Our theoretical studies in mesh adaptation are supported by the ANR project MAIDESC coordinated by ECUADOR and Gamma3, which deals with meshes for interfaces, third-order accuracy, meshes for boundary layers, and curved meshes.

The thesis of Éléonore Gauci on the goal-oriented criteria for CFD and coupled CSM-CFD systems is continuing. Éléonore Gauci gave a presentation at ECCOMAS in Crete.

Further studies of mesh adaptation for viscous flows are currently performed and a paper in collaboration with Gamma3 and university of Paris 6 (Anca Belme) is being written for a Journal.

An important novelty in mesh adaption is the norm-oriented AA method. The method relies on the definition of ad hoc correctors. It has been developed in the academic platform “FMG” for elliptic problems. Gautier Brèthes gave several presentations in conferences, a journal article has been published . The introduction of the norm-oriented idea considerably amplifies the impact of adjoint-based AA. The applied mathematician and the engineer now have methods when faced to mesh adaptation for the simulation of a complex PDE system, since they can specify which error norm level they wish, and for which norm. Another version is developed jointly with Inria team Gamma3 for the compressible Euler model.

A work of extension of a different standpoint, the tensorial metric method was started during the thesis of Gautier Brèthes and has been been submitted to a journal.

CFD application are supported by the European FP7 project UMRIDA which deals with the application of AA to approximation error modelling and control.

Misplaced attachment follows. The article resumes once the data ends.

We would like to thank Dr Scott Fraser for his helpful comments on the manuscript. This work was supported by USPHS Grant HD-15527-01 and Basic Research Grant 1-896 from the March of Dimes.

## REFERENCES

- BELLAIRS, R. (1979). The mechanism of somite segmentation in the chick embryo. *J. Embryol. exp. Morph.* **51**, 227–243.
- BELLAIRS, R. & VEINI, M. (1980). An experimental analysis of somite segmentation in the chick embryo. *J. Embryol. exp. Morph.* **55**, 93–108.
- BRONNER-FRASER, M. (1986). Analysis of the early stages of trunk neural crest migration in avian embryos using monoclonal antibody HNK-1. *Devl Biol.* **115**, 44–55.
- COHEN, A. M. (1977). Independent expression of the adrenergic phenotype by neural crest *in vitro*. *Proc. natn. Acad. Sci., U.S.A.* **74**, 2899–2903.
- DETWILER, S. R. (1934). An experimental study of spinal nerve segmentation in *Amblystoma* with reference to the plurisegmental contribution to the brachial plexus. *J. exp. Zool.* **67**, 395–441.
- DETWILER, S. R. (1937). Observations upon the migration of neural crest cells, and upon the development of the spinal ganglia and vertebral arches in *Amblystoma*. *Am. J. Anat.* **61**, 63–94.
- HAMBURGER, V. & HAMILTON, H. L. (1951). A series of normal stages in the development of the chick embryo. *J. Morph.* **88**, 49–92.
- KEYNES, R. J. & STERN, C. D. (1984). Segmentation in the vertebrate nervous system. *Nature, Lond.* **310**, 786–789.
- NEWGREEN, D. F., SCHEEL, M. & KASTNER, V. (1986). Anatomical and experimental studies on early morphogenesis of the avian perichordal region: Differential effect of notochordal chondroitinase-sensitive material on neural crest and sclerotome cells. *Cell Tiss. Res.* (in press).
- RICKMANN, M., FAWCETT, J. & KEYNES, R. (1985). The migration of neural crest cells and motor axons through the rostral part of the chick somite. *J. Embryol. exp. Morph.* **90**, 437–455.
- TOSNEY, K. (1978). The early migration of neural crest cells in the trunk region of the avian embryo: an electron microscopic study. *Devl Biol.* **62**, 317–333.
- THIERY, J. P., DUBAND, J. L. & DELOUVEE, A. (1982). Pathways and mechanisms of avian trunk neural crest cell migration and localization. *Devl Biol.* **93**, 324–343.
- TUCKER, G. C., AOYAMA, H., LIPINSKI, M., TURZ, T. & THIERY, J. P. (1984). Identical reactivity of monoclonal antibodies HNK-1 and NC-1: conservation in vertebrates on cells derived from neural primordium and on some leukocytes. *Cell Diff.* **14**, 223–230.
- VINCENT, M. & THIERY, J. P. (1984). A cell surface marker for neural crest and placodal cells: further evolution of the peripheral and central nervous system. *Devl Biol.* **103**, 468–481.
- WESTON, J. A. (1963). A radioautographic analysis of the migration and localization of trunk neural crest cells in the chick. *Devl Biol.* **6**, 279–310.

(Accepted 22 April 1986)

This involves an extensive work on a series of RANS (Reynolds Averaged Navier-Stokes) adaptative computations relying on the multi-scale method on the one hand, and on the other hand on further development by Gamma3 and Ecuador of the novel norm-oriented method for the compressible Euler model. This will be first published as a chapter contributed to the UMRIDA monography : II.1.4 Numerical uncertainties estimation and mitigation by mesh adaption Frédéric Alauzet, Alain Dervieux, Loïc Frazza and Adrien Loseille.

Modeling turbulence is an essential aspect of CFD. The purpose of our work in hybrid RANS/LES (Reynolds Averaged Navier-Stokes / Large Eddy Simulation)is to develop new approaches for industrial applications of LES-based analyses. In the applications targetted (aeronautics, hydraulics), the Reynolds number can be as high as several tenth millions, far too high for pure LES models. However, certain regions in the flow can be better predicted with LES than with usual statistical RANS (Reynolds averaged Navier-Stokes) models. These are mainly vortical separated regions as assumed in one of the most popular hybrid model, the hybrid Detached Eddy Simulation model. Here, “hybrid” means that a blending is applied between LES and RANS. An important difference between a real life flow and a wind tunnel or basin is that the turbulence of the flow upstream of each body is not well known.